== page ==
During the past forty years, China has experienced possibly the largest amount of internal population migration in history where one-quarter of the population migrated from either village to cities or small cities to big cities. While most of the people chose to retain their double-residential status both in the rural and urban areas, there is still a large number of people hoping that they could settle in the cities and be incorporated as part of China’s urbanization process, but the Chinese Hukou system(Household registration) hinders a lot of the migrants from doing so. There have been constant reforms carried out with respect to the Hukou system and the focus of this paper draws on the policy implications from the Hukou reform and whether the migration pattern has changed following the Hukou reform.
Colorado is one of the fastest growing states by both population size and median housing price. Literature has focused primarily on the determinants of migration and housing prices, however there is an absence of literature that addresses them simultaneously. The primary contribution of this study is to fill some of this gap in methodological approach. An additional contribution of this literature is the provision of analysis of migration/housing dynamics at the county level. We form and estimate via MLE a structural equation model consisting of functional forms for in-migration, out-migration and median housing price and find evidence of a simultaneous relationship, suggesting that earlier findings which examined these effects independently may be biased. Interestingly, we find that an increase in in-migration functions to lower housing prices while an increase in out-migration functions to raise prices. This is not consistent with our expectations or with most of the literature. We also find that a rise in housing prices functions to increase in-migration and decrease out-migration, which is more consistent with our predictions.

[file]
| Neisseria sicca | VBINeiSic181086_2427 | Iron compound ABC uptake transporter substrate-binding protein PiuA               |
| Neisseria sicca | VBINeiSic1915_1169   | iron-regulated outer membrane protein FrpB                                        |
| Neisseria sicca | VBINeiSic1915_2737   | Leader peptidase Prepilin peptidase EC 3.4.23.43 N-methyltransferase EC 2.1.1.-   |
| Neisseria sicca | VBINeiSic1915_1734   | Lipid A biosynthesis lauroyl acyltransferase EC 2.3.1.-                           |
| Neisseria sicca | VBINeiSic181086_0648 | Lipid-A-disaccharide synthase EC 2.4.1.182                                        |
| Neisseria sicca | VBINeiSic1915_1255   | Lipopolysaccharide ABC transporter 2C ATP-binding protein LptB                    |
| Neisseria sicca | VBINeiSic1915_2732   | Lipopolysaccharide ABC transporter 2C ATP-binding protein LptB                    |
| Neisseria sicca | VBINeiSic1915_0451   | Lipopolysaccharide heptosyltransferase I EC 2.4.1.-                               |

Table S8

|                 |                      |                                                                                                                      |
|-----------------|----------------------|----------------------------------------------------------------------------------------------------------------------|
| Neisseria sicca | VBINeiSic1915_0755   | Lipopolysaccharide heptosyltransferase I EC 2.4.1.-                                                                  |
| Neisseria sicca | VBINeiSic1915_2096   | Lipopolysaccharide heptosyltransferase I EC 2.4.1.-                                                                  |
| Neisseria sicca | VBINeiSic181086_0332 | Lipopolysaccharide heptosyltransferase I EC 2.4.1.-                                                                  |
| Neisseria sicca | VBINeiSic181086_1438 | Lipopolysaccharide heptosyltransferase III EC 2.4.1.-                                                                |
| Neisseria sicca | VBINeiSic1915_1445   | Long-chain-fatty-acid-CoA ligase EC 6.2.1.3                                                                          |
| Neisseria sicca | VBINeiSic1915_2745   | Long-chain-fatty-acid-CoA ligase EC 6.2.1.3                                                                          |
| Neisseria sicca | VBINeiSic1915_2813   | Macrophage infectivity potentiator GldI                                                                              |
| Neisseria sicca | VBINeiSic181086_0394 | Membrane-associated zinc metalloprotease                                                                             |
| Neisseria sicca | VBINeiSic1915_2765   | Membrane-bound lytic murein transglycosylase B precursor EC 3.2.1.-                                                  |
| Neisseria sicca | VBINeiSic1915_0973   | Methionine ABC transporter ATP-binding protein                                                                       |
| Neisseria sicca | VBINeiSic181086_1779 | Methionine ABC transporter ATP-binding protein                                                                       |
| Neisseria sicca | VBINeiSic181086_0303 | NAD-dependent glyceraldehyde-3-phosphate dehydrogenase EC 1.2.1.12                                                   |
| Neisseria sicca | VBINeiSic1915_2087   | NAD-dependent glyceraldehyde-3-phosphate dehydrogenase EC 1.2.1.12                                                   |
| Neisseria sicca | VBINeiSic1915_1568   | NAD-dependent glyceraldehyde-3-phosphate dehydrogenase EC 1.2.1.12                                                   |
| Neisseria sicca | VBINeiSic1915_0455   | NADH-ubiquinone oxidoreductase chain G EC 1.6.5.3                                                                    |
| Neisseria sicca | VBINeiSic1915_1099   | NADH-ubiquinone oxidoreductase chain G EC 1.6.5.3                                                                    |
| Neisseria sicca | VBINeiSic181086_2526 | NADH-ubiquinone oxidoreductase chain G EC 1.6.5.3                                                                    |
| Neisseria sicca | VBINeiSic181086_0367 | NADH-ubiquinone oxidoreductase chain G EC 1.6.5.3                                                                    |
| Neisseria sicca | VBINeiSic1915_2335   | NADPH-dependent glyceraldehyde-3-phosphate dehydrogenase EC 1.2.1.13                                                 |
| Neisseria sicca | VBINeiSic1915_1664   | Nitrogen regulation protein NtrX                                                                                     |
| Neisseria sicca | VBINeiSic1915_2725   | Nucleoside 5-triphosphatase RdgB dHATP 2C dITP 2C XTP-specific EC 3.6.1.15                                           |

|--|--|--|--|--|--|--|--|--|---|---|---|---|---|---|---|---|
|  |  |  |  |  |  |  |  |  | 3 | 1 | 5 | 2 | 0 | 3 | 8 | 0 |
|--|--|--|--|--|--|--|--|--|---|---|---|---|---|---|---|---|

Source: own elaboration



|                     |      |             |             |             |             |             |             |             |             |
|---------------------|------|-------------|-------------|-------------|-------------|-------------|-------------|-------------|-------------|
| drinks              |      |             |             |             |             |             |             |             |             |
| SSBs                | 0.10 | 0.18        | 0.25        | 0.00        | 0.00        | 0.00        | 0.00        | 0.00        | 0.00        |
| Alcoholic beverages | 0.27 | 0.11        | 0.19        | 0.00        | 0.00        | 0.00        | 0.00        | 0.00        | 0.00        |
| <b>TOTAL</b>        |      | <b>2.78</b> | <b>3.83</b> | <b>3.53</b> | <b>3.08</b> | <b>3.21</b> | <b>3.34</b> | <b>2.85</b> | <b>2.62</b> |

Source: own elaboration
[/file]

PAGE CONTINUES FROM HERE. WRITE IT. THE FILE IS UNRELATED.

This study attempts to determine whether changes in income, travel costs, and the cost of living in a foreign country affects travelers’ decisions to migrate to New Zealand. In this study, three different groups of travelers are analyzed, which are students, tourists, and visitors. I hypothesize that increases in travel costs will have a negative effect on all three types of traveler intensities, increases in income will have positive effects on the travel intensities of all three traveler types, and prices abroad relative to one’s origin will have a more significant effect on students than tourists, but no significant effect on visitors. To test these hypotheses, I will use a double log equation run with a fixed effects model to estimate the elasticities of income, travel costs, and prices abroad in regards to travel intensities of the three chosen traveler types, all of whom are traveling to New Zealand from 68 selected countries from around the world in the 2005-2014 time horizon. This study estimates that an increase in a tourist’s income by one percent will increase tourist travel intensity to New Zealand by 0.97 percent, and when there is an increase in the buying power of a tourist’s currency in New Zealand, tourist travel intensity is also estimated to increase. The study found no significant results for students and visitors.